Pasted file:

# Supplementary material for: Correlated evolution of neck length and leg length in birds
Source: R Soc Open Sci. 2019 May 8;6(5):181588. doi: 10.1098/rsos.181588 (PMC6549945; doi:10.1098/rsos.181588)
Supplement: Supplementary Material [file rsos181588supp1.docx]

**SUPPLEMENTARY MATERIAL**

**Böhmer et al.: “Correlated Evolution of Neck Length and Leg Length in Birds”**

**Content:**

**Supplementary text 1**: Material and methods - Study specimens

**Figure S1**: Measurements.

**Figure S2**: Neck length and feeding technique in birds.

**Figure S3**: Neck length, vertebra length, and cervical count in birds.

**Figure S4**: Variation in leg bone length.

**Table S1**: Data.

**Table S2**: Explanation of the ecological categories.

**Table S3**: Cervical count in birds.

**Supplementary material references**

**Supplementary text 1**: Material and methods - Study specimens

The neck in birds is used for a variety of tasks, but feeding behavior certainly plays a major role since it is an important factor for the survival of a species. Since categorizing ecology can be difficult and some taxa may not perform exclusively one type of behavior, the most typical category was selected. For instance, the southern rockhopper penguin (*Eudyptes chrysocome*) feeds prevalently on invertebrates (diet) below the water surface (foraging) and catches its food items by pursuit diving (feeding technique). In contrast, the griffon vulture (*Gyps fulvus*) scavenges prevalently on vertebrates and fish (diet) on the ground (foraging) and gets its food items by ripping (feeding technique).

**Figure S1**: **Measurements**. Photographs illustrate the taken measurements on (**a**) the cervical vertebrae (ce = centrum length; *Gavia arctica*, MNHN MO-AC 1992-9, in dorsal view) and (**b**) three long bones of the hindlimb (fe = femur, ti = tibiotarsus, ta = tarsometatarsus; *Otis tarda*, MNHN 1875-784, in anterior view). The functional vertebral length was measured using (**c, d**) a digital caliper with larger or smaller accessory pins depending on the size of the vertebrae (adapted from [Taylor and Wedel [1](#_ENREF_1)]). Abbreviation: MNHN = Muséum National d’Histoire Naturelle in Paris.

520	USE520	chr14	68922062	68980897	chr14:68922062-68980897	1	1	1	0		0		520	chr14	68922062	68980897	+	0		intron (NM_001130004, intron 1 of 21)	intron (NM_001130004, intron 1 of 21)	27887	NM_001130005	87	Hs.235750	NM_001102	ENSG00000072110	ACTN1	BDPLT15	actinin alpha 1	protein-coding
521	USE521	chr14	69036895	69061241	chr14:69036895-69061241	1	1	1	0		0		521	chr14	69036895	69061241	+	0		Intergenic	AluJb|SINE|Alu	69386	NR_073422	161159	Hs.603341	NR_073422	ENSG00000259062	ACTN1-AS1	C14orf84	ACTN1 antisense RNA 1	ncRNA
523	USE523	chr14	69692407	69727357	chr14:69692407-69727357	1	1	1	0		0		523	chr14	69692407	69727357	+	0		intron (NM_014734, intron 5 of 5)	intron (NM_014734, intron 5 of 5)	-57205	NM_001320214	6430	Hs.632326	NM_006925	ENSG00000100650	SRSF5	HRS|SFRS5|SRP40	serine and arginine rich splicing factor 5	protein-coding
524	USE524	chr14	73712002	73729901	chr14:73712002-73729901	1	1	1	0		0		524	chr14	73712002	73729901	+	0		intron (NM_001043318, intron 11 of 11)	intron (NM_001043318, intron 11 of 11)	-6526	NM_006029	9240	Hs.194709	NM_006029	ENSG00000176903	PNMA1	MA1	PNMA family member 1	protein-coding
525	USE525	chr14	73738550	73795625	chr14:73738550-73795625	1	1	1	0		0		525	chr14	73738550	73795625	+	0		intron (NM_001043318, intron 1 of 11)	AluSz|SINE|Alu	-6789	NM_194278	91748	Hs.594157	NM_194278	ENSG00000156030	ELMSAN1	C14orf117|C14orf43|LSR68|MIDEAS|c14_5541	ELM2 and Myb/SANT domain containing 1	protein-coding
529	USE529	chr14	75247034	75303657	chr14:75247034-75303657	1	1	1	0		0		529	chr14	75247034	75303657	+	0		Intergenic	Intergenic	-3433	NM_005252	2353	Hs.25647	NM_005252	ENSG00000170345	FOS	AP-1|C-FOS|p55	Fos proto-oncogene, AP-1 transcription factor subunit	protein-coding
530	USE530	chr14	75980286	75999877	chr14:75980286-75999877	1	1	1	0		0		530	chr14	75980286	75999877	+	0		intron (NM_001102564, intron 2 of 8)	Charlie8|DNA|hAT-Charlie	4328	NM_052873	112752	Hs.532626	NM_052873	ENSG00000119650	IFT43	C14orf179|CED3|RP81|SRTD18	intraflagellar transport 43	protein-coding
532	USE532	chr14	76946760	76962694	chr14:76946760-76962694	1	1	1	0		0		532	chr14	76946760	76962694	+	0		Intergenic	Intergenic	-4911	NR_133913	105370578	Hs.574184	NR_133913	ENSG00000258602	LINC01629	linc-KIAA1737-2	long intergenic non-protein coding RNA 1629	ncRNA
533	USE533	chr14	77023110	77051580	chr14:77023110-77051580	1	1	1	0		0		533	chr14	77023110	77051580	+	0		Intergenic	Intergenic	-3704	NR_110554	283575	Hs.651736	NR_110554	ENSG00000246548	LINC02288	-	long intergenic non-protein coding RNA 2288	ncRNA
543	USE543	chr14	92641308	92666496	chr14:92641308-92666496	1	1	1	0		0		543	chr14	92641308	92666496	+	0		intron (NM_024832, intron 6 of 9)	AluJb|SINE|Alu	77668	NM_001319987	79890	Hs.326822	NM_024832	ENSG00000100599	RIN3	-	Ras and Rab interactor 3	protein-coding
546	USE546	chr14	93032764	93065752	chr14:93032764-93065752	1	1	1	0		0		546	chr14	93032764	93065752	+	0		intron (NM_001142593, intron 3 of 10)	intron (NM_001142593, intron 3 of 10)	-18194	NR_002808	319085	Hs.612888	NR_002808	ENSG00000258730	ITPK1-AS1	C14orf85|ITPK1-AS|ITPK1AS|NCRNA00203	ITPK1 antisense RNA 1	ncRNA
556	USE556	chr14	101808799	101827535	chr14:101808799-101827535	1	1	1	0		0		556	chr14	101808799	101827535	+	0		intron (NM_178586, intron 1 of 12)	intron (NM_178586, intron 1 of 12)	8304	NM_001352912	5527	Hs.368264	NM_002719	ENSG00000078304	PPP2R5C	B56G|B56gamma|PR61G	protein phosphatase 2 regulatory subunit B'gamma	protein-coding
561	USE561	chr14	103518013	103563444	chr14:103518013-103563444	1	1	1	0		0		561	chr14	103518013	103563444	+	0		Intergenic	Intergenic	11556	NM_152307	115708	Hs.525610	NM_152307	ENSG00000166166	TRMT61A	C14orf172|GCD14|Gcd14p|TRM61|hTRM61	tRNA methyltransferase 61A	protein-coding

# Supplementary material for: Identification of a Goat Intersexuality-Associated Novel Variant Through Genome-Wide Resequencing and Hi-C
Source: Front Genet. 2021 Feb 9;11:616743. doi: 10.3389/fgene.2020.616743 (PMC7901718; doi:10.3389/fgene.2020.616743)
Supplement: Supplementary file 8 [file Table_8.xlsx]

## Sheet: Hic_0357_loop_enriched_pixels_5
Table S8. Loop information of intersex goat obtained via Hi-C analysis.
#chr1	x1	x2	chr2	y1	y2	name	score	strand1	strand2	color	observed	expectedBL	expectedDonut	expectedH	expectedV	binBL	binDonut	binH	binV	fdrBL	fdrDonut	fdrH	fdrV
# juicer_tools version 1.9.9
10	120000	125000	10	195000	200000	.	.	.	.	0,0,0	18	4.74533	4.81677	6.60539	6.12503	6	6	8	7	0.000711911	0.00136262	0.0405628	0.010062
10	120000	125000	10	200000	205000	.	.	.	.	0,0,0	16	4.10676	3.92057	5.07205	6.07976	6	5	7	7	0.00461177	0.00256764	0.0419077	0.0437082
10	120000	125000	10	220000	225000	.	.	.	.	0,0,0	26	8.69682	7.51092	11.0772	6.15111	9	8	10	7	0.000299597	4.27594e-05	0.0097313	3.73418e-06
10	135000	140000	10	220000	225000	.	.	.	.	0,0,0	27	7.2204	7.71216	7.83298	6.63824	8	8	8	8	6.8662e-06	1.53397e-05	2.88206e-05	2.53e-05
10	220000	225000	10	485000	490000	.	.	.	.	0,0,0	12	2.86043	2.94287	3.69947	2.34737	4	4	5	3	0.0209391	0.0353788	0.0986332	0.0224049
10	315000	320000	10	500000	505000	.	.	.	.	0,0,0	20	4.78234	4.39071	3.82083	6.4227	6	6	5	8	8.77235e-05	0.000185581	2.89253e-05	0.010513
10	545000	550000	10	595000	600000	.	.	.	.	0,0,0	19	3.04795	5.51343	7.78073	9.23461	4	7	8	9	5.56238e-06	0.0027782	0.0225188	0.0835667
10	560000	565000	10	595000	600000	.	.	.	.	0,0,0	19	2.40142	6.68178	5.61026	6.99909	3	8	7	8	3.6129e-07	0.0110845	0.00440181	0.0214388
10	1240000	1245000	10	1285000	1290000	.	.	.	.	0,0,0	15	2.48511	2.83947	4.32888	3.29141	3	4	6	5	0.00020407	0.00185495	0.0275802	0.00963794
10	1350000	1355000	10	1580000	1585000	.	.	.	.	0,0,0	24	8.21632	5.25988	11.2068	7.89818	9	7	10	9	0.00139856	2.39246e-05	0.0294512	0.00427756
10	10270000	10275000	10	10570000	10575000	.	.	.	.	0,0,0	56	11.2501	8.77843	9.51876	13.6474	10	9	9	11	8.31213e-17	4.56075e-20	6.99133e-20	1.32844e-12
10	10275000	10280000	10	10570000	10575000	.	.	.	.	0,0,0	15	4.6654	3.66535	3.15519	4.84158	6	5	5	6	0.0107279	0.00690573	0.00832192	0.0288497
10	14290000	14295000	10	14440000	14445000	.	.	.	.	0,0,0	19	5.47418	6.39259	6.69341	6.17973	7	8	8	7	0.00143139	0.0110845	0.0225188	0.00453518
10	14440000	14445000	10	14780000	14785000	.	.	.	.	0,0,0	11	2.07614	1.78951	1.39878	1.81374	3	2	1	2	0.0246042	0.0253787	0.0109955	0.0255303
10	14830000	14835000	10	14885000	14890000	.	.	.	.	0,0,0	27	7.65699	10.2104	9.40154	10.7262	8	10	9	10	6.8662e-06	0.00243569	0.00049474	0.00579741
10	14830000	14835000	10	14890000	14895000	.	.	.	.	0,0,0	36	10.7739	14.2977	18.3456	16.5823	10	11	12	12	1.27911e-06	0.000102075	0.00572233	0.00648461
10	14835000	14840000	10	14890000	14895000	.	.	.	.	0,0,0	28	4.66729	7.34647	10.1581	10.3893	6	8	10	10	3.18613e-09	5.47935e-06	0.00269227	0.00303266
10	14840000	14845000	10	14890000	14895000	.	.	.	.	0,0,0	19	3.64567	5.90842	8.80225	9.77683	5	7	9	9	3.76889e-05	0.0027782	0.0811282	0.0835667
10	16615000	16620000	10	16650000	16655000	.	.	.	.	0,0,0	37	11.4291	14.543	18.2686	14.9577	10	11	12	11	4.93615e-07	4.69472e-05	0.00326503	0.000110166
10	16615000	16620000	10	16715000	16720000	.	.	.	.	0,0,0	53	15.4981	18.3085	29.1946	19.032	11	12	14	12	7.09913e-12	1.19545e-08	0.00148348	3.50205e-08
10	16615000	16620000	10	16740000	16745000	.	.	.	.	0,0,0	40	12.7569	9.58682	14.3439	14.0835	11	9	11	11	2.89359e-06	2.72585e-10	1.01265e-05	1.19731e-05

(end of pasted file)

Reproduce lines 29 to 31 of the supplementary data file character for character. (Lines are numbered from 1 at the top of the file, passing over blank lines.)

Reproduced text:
546	USE546	chr14	93032764	93065752	chr14:93032764-93065752	1	1	1	0		0		546	chr14	93032764	93065752	+	0		intron (NM_001142593, intron 3 of 10)	intron (NM_001142593, intron 3 of 10)	-18194	NR_002808	319085	Hs.612888	NR_002808	ENSG00000258730	ITPK1-AS1	C14orf85|ITPK1-AS|ITPK1AS|NCRNA00203	ITPK1 antisense RNA 1	ncRNA
556	USE556	chr14	101808799	101827535	chr14:101808799-101827535	1	1	1	0		0		556	chr14	101808799	101827535	+	0		intron (NM_178586, intron 1 of 12)	intron (NM_178586, intron 1 of 12)	8304	NM_001352912	5527	Hs.368264	NM_002719	ENSG00000078304	PPP2R5C	B56G|B56gamma|PR61G	protein phosphatase 2 regulatory subunit B'gamma	protein-coding
561	USE561	chr14	103518013	103563444	chr14:103518013-103563444	1	1	1	0		0		561	chr14	103518013	103563444	+	0		Intergenic	Intergenic	11556	NM_152307	115708	Hs.525610	NM_152307	ENSG00000166166	TRMT61A	C14orf172|GCD14|Gcd14p|TRM61|hTRM61	tRNA methyltransferase 61A	protein-coding